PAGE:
Deal or No Deal?

What’s going on with Brexit, and what happens if we don’t get a deal?

Michel Barnier, the EU chief negotiator, flew into London on Friday (29th November). The Brexit talks between him and his UK counterpart, David Frost, restarted in person on Saturday. The time to reach an agreement is running out, so these talks are a last-ditch attempt to avoid a no-deal Brexit.

The UK is currently in a ‘transition period’ – it left the EU on the 31st of January so no longer participates in EU decisions. It is, however, still subject to the EU laws and treaties it was subject to before it left. Once the transition period is over, the UK is on its own. The deadline for extending the transition period elapsed on the 1 June, meaning it must end on the 31st of December this year.

Some elements of what will happen next are definite. The UK will no longer be part of the single market, so VAT will be paid on imports and exports from the EU. There will be checks for UK nationals at the EU border and you won’t be able to stay in an EU member state for more than 3 months within a given 6 month period. If you’re planning on staying longer than that or working there, you will need some sort of visa. This will pose a problem for short term business trips. For many, the first sign that Brexit has happened will be going down the channel for non-EEA citizens for passport checks in EU airports.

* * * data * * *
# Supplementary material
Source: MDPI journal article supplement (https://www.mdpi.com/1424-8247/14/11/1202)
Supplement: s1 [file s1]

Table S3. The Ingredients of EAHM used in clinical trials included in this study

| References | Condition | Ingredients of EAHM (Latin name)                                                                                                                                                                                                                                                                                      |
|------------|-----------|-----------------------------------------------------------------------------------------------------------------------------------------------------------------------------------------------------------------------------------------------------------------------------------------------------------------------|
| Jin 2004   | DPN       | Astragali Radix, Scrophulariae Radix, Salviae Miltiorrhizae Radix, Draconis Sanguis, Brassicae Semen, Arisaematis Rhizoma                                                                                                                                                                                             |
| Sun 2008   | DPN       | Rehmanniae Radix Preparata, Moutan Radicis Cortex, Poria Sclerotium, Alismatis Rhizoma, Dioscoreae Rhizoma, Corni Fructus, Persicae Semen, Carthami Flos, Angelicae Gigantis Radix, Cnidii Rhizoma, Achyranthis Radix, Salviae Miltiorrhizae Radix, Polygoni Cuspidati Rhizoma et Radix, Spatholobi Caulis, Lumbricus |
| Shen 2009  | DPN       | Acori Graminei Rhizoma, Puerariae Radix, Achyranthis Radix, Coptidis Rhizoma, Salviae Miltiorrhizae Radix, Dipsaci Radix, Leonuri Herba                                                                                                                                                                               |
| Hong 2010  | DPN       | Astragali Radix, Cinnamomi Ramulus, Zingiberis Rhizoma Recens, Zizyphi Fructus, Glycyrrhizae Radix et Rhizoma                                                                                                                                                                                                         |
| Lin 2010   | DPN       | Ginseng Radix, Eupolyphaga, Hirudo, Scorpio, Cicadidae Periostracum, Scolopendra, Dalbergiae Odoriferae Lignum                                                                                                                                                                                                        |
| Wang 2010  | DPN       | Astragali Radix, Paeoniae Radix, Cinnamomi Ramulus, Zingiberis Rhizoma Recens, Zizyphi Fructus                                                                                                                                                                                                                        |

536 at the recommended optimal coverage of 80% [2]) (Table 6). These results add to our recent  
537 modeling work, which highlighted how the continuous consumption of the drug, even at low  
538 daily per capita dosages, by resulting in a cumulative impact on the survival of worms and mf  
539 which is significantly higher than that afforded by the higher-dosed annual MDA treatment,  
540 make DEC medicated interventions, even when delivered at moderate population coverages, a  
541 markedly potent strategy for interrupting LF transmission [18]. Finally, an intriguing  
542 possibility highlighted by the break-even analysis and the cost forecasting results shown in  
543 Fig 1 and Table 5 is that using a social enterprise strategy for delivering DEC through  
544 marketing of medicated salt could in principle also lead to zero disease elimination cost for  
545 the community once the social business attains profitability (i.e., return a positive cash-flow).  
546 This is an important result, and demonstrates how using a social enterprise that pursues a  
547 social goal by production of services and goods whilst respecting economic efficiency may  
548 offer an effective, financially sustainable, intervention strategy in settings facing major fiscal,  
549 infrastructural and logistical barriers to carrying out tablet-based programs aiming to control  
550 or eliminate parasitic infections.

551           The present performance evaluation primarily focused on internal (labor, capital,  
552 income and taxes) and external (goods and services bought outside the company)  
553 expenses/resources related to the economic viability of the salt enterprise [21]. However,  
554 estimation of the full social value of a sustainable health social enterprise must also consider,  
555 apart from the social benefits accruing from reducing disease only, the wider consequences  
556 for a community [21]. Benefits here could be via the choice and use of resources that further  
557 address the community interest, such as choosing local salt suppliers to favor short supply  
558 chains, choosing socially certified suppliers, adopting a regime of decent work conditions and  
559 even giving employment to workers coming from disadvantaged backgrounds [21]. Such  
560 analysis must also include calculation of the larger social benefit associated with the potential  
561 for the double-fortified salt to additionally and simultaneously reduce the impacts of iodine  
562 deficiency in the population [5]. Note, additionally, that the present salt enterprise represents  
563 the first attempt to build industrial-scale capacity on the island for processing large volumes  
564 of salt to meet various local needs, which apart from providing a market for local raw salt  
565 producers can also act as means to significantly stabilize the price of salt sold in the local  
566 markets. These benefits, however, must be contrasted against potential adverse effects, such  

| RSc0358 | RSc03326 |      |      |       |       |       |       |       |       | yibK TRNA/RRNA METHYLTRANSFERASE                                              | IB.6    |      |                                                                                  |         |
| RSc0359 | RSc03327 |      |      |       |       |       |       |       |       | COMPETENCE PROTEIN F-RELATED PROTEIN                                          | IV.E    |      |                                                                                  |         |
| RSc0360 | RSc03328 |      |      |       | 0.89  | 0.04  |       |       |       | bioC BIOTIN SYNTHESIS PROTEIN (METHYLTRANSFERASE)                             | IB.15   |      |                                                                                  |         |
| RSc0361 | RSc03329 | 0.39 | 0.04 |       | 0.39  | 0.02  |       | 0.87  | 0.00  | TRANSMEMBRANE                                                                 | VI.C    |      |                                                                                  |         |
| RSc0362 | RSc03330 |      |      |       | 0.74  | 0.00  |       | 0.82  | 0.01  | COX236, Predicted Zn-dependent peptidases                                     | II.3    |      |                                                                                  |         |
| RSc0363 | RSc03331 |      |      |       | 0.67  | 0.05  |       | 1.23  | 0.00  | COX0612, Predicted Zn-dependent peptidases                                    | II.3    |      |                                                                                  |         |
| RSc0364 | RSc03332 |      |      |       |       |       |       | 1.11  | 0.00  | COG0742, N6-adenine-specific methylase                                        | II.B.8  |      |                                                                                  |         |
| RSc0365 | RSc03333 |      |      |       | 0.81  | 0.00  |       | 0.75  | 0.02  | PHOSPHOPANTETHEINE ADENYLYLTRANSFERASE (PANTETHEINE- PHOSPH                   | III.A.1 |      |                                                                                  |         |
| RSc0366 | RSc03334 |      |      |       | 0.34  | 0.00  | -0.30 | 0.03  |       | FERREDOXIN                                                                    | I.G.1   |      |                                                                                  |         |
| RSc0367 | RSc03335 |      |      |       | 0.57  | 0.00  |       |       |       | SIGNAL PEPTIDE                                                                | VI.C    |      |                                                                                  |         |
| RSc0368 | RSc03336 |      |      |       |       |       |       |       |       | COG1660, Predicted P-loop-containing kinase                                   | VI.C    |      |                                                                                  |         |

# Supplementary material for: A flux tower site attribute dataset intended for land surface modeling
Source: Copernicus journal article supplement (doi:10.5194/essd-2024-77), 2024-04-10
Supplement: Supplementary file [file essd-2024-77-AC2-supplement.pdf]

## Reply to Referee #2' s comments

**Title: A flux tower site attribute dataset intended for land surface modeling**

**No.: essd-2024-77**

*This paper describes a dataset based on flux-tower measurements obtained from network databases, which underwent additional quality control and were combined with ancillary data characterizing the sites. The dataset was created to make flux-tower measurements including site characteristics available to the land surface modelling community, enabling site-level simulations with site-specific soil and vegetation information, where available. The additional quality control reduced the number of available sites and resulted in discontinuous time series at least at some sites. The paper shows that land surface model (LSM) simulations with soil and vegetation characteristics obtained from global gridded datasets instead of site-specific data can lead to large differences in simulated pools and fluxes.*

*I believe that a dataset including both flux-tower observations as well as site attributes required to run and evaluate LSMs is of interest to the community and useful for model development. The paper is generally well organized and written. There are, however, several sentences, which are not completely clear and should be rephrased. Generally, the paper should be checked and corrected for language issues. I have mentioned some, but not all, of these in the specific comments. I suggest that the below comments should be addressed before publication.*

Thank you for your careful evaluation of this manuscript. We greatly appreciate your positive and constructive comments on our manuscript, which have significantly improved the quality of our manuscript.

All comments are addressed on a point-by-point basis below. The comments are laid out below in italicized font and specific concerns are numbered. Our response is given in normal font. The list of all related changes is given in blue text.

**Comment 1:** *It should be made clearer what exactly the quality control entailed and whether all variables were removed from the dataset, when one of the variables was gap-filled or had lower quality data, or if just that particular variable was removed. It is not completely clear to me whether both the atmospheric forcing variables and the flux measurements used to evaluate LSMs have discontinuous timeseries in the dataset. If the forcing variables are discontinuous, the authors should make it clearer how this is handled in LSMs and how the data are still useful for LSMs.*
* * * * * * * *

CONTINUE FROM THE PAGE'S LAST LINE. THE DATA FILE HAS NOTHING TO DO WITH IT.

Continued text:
Beyond this, what happens in January depends on whether a deal is reached. If there is no deal, higher tariffs could disrupt industries such as car manufacturers, who would face that import tariff on the 55% of their cars they export to the EU. The UK would no longer have to comply with EU regulations, which would lead to checks on EU borders. There would be tariffs on food imports from the EU which make up 70% of all food imports to the UK. While this may be mitigated slightly by deals reducing tariffs on imports from other countries, food prices overall will probably rise.

One of the suggested benefits of no deal is that it increases the quotas of UK fishermen. It would also make access to the European markets that many rely on to sell their catch more difficult. Fishing is a major sticking point in the negotiations, partly because there are many countries involved. This is a little absurd given that fishing makes up only 0.1% of UK GDP, and some landlocked countries in the EU don’t have a fishing fleet at all.

So, a no-deal Brexit is something that we want to avoid – and according to Boris Johnson, the chances of it happening are ‘a million to one against’. He certainly has political incentive to get a deal – no-deal would give momentum to the Scottish independence movement and back up Labour’s accusations of incompetence. There have been suggestions that the EU is willing to make concessions on fishing, greatly increasing the chances of an agreement being reached before the time is up. The consensus is that a deal is more likely than not, but not by much. As Boris has said, we still need to ‘get ready’ for what happens if there isn’t one.

Helena VI